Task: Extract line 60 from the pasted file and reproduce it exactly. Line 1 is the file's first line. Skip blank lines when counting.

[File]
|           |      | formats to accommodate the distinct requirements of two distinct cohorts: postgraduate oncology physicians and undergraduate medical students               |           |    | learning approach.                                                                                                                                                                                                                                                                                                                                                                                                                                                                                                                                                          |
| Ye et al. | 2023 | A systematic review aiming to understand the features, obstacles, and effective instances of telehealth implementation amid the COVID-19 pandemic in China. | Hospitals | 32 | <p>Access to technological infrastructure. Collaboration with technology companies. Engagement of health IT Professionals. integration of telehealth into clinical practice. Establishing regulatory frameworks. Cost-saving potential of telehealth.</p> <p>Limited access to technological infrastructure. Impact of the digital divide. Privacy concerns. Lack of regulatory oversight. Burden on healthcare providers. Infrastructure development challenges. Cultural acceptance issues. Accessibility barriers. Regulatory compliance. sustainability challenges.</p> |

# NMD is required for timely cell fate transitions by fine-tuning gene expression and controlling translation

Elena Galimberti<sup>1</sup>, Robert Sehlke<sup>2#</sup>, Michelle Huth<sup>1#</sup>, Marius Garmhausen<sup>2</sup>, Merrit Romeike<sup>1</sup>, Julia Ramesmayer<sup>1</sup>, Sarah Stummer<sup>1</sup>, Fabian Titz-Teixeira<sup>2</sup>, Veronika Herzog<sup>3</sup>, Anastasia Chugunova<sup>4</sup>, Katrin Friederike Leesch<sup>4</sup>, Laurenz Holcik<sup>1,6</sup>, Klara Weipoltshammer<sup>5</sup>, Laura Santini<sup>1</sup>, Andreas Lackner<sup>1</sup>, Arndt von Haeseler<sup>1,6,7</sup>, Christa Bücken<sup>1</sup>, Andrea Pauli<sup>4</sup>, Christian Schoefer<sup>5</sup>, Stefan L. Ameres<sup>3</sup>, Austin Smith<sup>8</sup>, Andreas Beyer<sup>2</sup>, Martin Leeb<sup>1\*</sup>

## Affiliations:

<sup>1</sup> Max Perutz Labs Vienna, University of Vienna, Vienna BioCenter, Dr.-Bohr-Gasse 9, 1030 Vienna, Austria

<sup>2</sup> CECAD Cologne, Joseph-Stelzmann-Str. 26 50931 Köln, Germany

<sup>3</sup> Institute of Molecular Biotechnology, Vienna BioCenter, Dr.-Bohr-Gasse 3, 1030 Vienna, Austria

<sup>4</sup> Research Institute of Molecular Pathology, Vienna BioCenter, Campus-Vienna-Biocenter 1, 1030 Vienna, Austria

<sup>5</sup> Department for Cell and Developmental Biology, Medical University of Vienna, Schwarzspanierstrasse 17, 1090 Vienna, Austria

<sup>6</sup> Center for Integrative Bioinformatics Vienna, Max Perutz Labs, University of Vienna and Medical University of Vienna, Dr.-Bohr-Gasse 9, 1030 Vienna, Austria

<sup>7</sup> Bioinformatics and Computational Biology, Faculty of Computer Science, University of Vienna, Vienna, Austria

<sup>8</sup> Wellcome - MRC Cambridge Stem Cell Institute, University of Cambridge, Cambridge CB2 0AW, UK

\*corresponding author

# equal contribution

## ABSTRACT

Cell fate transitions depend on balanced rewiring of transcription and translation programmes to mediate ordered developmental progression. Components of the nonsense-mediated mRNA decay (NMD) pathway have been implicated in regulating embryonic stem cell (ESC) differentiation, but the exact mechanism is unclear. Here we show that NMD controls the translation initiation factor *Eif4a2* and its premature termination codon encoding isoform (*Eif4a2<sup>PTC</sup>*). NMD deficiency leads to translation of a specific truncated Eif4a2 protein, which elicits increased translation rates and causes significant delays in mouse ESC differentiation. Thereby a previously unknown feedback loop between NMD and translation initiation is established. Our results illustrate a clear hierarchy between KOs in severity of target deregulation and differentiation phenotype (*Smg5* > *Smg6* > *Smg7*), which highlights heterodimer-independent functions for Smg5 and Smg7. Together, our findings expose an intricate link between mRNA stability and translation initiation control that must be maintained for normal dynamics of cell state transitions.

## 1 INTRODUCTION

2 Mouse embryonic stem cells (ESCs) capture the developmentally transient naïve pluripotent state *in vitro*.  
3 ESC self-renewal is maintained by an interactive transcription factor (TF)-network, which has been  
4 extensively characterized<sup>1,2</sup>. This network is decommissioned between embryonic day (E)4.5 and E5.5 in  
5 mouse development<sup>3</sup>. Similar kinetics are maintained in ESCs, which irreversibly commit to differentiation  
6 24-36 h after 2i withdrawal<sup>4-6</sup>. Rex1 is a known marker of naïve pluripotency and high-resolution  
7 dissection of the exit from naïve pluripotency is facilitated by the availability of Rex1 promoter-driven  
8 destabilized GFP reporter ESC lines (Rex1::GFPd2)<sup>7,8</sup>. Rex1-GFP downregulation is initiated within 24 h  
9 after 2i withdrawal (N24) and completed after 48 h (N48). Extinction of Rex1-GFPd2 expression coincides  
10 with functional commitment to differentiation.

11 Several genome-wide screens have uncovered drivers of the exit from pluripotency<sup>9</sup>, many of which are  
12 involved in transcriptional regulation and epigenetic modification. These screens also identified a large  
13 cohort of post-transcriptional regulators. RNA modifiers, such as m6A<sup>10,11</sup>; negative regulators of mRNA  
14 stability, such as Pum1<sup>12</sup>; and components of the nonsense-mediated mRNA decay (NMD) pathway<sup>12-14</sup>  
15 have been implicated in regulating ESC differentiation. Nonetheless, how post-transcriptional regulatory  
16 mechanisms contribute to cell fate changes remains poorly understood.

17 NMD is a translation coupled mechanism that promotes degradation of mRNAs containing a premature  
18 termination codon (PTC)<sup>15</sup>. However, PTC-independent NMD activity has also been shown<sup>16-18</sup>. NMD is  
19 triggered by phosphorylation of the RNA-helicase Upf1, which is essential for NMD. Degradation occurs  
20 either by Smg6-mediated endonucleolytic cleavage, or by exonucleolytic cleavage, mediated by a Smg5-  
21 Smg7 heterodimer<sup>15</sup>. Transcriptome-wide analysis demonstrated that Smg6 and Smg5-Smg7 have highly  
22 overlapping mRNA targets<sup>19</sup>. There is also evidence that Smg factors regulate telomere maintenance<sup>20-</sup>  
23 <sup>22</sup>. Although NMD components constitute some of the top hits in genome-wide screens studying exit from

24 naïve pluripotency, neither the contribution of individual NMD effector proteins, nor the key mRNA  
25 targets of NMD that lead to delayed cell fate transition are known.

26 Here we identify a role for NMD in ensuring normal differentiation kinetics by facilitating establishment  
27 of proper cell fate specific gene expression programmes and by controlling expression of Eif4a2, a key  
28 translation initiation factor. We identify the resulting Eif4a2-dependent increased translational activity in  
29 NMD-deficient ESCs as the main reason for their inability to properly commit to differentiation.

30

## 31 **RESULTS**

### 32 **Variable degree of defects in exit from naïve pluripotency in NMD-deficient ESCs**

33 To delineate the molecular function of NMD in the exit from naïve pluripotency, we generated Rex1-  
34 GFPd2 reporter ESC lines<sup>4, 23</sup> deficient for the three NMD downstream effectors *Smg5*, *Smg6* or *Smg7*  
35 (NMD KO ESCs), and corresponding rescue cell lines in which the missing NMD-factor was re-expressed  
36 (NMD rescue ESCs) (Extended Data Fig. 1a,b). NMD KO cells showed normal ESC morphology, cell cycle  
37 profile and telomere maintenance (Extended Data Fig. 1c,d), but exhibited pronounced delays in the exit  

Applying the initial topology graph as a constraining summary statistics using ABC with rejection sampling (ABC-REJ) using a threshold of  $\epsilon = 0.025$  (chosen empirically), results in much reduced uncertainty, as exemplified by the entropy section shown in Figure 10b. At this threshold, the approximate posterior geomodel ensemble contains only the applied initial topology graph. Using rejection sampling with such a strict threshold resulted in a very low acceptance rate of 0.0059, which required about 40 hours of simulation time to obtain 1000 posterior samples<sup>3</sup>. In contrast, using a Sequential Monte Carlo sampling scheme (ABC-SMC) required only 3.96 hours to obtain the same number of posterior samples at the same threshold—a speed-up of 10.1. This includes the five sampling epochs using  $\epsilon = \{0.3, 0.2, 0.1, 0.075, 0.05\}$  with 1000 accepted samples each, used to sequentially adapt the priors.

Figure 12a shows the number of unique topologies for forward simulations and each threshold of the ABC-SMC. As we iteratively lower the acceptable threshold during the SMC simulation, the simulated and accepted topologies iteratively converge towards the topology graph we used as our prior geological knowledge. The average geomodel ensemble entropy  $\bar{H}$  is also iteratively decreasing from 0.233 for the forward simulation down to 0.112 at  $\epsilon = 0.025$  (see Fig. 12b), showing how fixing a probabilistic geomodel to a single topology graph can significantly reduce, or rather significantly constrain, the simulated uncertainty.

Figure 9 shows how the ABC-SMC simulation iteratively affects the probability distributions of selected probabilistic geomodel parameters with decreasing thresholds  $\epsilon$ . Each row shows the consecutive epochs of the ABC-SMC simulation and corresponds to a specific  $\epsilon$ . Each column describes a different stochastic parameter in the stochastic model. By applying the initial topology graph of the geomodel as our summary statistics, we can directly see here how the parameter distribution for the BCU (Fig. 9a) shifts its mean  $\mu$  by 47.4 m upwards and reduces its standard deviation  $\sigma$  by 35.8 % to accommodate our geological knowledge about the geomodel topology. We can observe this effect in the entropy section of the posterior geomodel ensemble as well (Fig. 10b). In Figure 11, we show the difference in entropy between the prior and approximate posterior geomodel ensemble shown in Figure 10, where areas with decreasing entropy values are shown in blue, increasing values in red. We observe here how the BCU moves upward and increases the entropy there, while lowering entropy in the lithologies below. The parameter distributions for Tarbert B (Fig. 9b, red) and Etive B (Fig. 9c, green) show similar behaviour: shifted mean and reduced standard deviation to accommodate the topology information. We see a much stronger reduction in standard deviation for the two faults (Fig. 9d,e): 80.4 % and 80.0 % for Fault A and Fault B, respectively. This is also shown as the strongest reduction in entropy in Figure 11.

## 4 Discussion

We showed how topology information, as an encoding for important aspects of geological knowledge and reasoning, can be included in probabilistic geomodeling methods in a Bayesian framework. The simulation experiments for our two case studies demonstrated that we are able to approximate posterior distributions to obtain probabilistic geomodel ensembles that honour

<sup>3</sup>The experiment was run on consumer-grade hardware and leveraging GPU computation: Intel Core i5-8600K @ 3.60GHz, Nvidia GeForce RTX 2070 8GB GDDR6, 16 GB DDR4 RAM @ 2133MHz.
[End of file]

<sup>3</sup>The experiment was run on consumer-grade hardware and leveraging GPU computation: Intel Core i5-8600K @ 3.60GHz, Nvidia GeForce RTX 2070 8GB GDDR6, 16 GB DDR4 RAM @ 2133MHz.